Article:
May 3rd, 2011.
Goal of the test – increase number of downloads
Technology used – Google Website Optimizer
Test duration – 5 weeks
Confidence level achieved – 98.6%
We conducted an A/B test on Dowce.com website to find out which version would increase number of downloads. Both versions were similar, but in the version B (treatment) we improved the following:
- removed the call to action from the header in order to focus visitors on our main call to action in the body
- improved the headline
- added bullets points with improved value proposition
- improved the call to action (bigger and more visible)
- improved the layout, by dividing the sections so it is easier to scan the page
A: Control B: Treatment – 24.8% improvement
This A/B test showed that conversion rate optimisation is very effective marketing method with measurable results, which allows you to increase your revenue and conversion from your current traffic.
To see, what difference a change in conversion rate by 20% or more can make to your business download our conversion improvement calculator.
If you are looking to improve your website conversion rate or would like to learn how we can help request your free consultation at firstname.lastname@example.org or call 0208 6000 500.
April 19th, 2011.
In the site search box test part 1, we discovered by analysing web analytics data that visitors using site search are 2-3 times more valuable than those that don’t use site search. Conversion rate difference was also by 168% higher when site search was used. Also, per visit value was 132% greater when site search was used.
In the second part I would like to talk about more advanced, more costly but probably more rewarding test – a site search result page test.
Who is this test for?
Any website where the site search result page doesn’t allow result filtering by category, price, brand etc… or simply looking to improve search functionality, stickiness, conversions and retention by using more robust, intelligent 3rd party site search.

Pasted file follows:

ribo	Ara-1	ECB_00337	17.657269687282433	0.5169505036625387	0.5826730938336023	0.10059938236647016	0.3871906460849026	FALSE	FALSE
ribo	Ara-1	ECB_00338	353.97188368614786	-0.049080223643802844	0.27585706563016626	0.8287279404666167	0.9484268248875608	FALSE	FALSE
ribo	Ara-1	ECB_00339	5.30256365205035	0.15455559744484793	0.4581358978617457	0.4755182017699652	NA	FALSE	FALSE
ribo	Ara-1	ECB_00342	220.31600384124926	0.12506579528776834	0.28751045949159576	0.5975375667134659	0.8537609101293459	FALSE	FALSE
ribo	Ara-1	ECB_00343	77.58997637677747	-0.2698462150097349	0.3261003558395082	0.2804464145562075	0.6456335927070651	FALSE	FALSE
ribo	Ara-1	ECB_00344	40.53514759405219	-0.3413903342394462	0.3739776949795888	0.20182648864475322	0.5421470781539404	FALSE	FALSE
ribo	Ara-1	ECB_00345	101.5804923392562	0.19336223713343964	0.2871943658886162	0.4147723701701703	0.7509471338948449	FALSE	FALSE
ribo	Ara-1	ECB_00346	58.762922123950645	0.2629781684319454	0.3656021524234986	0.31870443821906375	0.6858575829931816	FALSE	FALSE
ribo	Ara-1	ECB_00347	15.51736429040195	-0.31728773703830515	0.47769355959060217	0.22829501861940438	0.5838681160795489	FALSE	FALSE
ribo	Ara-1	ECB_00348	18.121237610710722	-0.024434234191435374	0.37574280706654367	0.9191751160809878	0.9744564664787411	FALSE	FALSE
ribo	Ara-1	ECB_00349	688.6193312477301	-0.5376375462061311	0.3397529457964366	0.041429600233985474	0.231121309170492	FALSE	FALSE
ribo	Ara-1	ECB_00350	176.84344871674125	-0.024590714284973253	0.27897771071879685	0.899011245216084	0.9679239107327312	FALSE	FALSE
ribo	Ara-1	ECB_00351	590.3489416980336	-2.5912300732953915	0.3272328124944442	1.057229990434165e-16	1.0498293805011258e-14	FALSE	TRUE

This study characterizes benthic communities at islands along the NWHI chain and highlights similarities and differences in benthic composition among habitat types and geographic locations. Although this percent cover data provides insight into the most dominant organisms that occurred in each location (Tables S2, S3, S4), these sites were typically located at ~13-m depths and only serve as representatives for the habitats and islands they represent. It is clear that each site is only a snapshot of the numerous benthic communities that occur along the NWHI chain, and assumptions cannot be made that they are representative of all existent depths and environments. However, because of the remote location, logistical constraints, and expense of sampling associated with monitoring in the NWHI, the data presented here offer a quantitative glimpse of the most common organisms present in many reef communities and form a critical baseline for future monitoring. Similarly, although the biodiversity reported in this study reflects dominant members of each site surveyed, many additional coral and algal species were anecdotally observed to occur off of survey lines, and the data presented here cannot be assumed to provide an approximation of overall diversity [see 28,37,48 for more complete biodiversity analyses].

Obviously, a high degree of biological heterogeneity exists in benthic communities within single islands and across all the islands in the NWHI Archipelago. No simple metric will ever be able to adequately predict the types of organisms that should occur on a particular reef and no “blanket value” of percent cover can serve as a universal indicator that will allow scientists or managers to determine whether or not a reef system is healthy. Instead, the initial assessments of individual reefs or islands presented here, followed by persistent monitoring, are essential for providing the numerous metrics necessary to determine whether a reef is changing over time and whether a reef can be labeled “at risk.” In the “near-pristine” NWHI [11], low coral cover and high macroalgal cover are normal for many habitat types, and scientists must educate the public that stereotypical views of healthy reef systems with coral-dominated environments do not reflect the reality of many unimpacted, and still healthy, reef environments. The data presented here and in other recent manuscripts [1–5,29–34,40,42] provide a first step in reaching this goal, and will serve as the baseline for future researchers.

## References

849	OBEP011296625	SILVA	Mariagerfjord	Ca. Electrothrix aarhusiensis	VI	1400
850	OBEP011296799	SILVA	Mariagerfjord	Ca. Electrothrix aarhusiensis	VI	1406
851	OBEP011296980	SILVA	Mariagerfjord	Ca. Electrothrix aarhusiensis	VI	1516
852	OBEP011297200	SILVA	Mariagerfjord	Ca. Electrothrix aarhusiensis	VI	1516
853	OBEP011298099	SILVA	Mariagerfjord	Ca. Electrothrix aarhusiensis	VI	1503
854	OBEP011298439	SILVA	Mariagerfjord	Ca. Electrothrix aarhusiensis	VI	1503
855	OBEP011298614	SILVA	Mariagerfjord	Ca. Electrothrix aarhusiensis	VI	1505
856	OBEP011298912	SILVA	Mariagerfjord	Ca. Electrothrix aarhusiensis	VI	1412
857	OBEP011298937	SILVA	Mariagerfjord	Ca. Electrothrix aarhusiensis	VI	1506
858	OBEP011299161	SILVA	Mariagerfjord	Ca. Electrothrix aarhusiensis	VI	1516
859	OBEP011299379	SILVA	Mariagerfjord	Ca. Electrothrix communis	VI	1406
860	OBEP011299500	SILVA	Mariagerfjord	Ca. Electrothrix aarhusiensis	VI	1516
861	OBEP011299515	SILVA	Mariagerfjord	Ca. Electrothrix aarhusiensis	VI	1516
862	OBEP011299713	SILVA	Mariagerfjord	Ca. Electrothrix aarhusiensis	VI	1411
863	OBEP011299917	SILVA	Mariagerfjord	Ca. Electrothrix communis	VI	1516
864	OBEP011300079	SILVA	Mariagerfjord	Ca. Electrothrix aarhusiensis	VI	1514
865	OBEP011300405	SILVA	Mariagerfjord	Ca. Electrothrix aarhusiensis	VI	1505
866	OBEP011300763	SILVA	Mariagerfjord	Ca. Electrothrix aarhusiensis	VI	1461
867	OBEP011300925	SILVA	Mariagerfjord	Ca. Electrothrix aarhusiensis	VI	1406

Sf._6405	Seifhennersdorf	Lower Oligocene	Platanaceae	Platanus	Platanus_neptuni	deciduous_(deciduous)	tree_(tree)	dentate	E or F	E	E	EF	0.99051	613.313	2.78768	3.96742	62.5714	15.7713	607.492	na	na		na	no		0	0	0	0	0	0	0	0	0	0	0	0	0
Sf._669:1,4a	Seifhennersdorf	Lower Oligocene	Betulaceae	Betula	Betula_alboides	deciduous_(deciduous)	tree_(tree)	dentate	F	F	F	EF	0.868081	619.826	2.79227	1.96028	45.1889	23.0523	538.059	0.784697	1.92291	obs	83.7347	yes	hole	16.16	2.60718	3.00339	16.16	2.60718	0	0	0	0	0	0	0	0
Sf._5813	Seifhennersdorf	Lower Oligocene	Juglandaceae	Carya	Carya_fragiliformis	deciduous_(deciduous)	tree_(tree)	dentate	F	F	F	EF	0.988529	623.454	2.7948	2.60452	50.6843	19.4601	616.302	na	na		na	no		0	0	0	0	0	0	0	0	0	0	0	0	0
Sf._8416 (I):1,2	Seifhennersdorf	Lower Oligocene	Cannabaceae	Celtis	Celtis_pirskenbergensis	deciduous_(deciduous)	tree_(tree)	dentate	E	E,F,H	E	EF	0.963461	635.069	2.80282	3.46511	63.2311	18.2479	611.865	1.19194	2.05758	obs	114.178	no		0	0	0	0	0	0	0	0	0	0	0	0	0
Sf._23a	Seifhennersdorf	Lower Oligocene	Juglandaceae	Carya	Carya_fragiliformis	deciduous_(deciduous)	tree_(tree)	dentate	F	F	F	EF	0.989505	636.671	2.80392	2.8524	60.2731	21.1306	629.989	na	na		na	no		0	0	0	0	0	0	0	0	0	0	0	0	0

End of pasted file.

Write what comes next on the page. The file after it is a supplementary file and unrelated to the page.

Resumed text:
Goal of the test
We would like to find out if using more sophisticated 3rd party ecommerce site search will help you to increase your conversion rate and whether the investment is worth the money.
Why should you test?
You read a case study that better search result pages convert more and that visitors who use site search convert 2 – 3 times better than those not using a site search. You get very excited and decide to approach a 3rd party search provider. However, you discover the investment into a new site search can be substantial (e.g. $25,000+ annually for Google ecommerce search) so you would like find out if you can justify the cost.
How should you test?
What you want to do is to test both site search engines at the same time, something like A/B test comparing 3rd party site search vs. yours. However, there is a caveat. A/B testing won’t work in this case, as the site search box, where it all starts, is on every single page on your site and you would like to capture any search query from any page on your site. So, for this reason we need to set up a site wide test using a multivariate test strategy, showing exactly the same site search box, but the results leading either to your current site search or to the 3rd party site search you are trying to evaluate.
How do you measure success?
By comparing number of sales and a conversion rate in your testing tool
How many visits with site search do I need?
At least 5,000-10,000 visits per month with site search. For fast and statistically valid result 20,000+.
Contact Jan to see how we can help you with your ecommerce site search testing, A/B or multivariate testing or to request your free consultation: email@example.com or call 0208 6000 500 ext. 231
April 18th, 2011.
Even with all the buzz about conversion rate optimisation, there are still businesses which haven’t tried it yet. To get you started, I came up with a very simple and inexpensive idea every ecommerce store should test. Your site search box position & size test.
OK, so what’s so special about the site search and why should you give it a go?
1. Generally the conversion rate of visitors who used a site search is 2-3 times higher than those without, as is the per visit value. In our example below conversion rate difference is 168% higher when site search has been used. Also per visit value is 132% greater.
2. On average, around 8-20% of sites’ visitors use a site search, but they bring between 17-33% of overall revenue.
3. The test itself isn’t that difficult to implement and could be up and running in less than 8 hours, however this type of test and implementation will require a knowledgeable person to set up the test.
A little something about the site search box test: this type of tests falls under so called “site wide” tests. With site wide test implementation, the tested variations are going to be the same on every page on your website.
Speak to Jan for more information on A/B or multivariate testing or to request your free consultation: firstname.lastname@example.org or call 0208 6000 500 ext. 231